partly entirely at The Scope’s recording space, Titties, Ditties & Tea is an album of gently strummed acoustic guitar and whispery vocals singing lyrics that are equal parts clever and filthy, and frequently hilarious. Tracks like “Dirty Uncle Pictor,” “Deaner DUI” and “Joe Batt’s Arm Tarts” tell stories about the kind of characters we’ve all probably run into, while others, like the strange and stellar “Fitting Out,” paint vivid and somehow disturbing portraits of life a little rough around the edges. And then, of course, there is “Boobs A Lotment,” a breast-positive anthem in which Cara reminds us that “Oh my sisters, oh my brothers, we all love a set of udders / and we can all thank our mothers, and the mothers of one another.” Not for the faint of heart, this is a record that never apologizes for telling the truth. MK
The Confidence Club
Two RPM brand-newcomers, Aine MacLellan and Annie McEwen, have delivered a knockout debut album in What Listhp? Super-charming songs like “Barnacle Blues” and “I’m In Love” are sweet in the very best way, and rub shoulders with beautiful, lushly-harmonized folk ballads like “Apple Core” and “There Are Men Out There.” The whole album showcases strong songwriting and the considerable skills of producer/backup vocalist Rebecca South of The Drows (who also put out another stellar RPM album this year). McEwen and MacLellan clearly have a natural musical rapport, but each shines as a songwriter in her own way; McEwen’s contributions are often melancholy and gorgeously atmospheric, while MacLellan’s concise pop songs have a deceptive simplicity that draw you in immediately, and are only made even sweeter by her trademark lisp (for which the album is named). This is a great record, and the women behind The Confidence Club should feel supremely confident about making more—hopefully soon. MK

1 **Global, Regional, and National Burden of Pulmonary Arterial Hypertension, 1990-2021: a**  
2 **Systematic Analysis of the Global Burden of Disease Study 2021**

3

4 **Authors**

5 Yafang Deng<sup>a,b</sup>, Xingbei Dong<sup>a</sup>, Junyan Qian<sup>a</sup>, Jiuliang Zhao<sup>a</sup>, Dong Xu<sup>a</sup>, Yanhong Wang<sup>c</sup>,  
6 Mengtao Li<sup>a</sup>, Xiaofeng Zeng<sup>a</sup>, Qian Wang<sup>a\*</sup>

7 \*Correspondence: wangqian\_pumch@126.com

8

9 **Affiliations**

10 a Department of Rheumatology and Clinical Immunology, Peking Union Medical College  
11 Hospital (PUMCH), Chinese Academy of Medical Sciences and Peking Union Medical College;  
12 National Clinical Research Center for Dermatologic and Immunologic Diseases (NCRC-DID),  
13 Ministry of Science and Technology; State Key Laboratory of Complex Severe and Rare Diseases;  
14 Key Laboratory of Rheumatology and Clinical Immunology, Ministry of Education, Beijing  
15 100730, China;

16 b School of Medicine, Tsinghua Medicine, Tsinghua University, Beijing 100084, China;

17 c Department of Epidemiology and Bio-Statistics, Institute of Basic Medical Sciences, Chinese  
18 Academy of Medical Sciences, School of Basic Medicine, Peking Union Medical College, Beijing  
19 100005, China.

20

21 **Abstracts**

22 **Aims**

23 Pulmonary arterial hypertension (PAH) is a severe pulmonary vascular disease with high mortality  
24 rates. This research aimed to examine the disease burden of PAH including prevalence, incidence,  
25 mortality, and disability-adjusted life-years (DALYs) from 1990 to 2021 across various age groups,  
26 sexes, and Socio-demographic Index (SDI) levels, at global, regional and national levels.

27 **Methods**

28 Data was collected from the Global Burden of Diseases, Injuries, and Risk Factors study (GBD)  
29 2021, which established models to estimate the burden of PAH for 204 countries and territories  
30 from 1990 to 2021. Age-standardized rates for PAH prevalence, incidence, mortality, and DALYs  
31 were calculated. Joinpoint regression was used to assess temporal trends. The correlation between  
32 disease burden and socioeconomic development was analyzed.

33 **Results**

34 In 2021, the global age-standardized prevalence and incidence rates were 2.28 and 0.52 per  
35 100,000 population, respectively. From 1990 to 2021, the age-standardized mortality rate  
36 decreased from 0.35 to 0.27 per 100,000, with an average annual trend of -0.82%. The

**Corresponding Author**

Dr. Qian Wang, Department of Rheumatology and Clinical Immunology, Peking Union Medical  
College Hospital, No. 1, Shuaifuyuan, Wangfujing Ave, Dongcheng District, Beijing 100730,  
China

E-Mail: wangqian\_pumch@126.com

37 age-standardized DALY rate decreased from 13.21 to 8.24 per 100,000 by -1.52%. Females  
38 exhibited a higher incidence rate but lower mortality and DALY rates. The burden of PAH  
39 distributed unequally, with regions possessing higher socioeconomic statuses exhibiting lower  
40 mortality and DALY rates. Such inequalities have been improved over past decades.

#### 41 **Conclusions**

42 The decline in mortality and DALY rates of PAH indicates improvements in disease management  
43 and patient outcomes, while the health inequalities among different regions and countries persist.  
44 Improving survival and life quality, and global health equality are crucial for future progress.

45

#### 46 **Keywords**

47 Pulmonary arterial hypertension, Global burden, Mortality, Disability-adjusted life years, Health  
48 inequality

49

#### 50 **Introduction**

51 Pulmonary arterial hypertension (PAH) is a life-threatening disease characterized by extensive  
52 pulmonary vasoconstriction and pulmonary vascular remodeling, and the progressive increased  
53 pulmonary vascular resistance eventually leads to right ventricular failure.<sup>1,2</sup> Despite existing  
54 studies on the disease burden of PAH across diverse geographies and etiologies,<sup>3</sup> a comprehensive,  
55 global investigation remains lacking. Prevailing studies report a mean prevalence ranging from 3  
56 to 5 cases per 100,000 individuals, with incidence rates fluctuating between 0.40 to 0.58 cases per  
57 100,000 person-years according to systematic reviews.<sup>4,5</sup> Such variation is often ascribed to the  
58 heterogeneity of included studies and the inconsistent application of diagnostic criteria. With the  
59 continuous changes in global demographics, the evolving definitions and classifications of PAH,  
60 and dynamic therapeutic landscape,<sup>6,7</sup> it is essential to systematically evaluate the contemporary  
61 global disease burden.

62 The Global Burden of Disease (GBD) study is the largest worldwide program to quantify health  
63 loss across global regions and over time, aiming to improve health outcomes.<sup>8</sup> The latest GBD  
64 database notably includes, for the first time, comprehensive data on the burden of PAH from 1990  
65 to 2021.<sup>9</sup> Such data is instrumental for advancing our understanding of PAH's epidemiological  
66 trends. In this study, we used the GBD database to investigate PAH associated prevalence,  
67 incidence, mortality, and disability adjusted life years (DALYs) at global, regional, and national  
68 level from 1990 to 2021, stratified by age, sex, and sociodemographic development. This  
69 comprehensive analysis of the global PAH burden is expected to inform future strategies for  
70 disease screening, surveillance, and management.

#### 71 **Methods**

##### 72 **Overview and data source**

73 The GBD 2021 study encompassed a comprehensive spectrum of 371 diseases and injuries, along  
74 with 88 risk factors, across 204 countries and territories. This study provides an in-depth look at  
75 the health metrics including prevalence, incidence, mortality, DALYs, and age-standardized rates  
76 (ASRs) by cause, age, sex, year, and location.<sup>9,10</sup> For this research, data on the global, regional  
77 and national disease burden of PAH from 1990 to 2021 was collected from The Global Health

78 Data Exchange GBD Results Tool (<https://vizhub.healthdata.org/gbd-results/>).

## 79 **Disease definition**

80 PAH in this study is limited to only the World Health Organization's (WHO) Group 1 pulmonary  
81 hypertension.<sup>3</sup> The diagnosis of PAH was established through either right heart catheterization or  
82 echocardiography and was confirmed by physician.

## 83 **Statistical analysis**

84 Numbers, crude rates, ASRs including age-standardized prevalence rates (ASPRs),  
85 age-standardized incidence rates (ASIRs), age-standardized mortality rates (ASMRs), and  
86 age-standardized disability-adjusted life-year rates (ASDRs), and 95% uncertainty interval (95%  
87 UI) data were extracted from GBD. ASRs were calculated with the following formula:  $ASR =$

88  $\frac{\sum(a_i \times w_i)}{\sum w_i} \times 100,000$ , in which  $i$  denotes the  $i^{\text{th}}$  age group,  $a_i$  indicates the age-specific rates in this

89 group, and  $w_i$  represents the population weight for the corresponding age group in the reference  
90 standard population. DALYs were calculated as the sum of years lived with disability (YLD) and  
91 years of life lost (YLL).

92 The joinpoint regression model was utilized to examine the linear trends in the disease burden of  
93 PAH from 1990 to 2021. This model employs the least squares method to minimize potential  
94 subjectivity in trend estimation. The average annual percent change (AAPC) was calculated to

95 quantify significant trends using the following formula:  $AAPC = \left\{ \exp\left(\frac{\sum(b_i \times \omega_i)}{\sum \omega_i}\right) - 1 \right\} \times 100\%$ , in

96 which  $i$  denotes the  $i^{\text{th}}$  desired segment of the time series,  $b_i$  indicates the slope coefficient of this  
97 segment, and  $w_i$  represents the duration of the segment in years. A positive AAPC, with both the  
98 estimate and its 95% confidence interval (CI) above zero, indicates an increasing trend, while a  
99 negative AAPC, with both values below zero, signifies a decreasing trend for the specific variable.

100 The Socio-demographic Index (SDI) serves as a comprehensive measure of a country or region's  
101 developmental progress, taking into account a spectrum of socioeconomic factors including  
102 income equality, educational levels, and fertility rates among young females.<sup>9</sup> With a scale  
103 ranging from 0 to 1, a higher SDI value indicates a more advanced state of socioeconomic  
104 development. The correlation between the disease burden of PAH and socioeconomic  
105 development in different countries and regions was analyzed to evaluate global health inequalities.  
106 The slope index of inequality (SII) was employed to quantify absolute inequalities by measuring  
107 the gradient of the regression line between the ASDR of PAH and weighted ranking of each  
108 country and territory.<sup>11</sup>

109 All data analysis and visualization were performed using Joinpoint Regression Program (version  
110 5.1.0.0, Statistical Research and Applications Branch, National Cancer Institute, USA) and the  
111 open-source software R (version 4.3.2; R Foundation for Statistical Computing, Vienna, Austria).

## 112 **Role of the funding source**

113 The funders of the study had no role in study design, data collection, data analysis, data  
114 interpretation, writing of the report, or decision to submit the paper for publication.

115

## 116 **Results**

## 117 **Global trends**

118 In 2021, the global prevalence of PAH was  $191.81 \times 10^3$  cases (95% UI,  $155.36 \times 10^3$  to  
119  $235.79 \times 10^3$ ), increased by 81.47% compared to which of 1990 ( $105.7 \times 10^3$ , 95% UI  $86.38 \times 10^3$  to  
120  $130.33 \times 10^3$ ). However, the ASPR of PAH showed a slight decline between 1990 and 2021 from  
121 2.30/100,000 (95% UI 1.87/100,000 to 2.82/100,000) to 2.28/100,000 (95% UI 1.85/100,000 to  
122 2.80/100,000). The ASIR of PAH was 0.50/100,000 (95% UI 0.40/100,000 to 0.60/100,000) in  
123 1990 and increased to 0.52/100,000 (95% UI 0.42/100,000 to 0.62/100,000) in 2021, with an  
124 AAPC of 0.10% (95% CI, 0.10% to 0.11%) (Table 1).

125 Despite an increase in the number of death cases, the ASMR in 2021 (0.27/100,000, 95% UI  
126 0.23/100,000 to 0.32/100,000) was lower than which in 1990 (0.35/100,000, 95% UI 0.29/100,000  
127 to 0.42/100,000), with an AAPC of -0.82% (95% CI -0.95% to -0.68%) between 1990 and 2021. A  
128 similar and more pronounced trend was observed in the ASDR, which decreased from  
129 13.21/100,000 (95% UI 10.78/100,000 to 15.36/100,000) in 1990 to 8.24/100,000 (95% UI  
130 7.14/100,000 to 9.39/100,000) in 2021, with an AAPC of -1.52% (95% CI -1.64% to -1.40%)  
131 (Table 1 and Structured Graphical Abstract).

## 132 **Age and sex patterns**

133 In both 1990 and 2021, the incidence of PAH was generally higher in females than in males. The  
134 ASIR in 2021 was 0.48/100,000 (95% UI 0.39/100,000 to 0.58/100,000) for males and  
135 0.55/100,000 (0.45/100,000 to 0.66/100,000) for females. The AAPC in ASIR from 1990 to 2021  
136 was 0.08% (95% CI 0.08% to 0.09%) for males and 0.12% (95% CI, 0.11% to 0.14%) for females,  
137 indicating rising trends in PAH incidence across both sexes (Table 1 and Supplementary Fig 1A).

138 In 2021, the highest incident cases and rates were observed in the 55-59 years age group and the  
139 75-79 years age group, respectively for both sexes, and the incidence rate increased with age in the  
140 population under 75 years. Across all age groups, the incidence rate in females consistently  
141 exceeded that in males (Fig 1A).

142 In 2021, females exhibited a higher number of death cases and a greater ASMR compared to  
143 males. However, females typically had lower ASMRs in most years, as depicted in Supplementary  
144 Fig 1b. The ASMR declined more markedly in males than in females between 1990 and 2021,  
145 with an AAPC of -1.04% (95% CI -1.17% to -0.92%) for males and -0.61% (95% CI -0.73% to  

For Danger Booger, RPM 2012 was a great excuse for some fun family bonding. The group consists of a father, Danger D, and his seven-year-old son, Danger P. “Shortly before February, my son started coming up with ideas for songs which I would jot down, and then come up with music to go along with his lyrics,” says Danger D. Danger P’s comically creative imaginings and observations make for some great song material. On “Peanuts, Who Wants Them?” Danger D bashes out a hyperactive White Stripes groove while Danger P laments the undesirable nature of this complicated snack with all the angst a seven-year-old rocker can muster. “Pigs in Blankets” features Danger P repeatedly shouting “Pigs in Blankets! Monkeys eat their poop!” while “Dump Gulls” deals with his mom’s irrational fear of seagulls flying through the window and biting her face. “It was a lot of fun and we’ll definitely be doing it again next year,” says Danger D. DL
Electric & The Purple Bunnies
Electric & The Purple Bunnies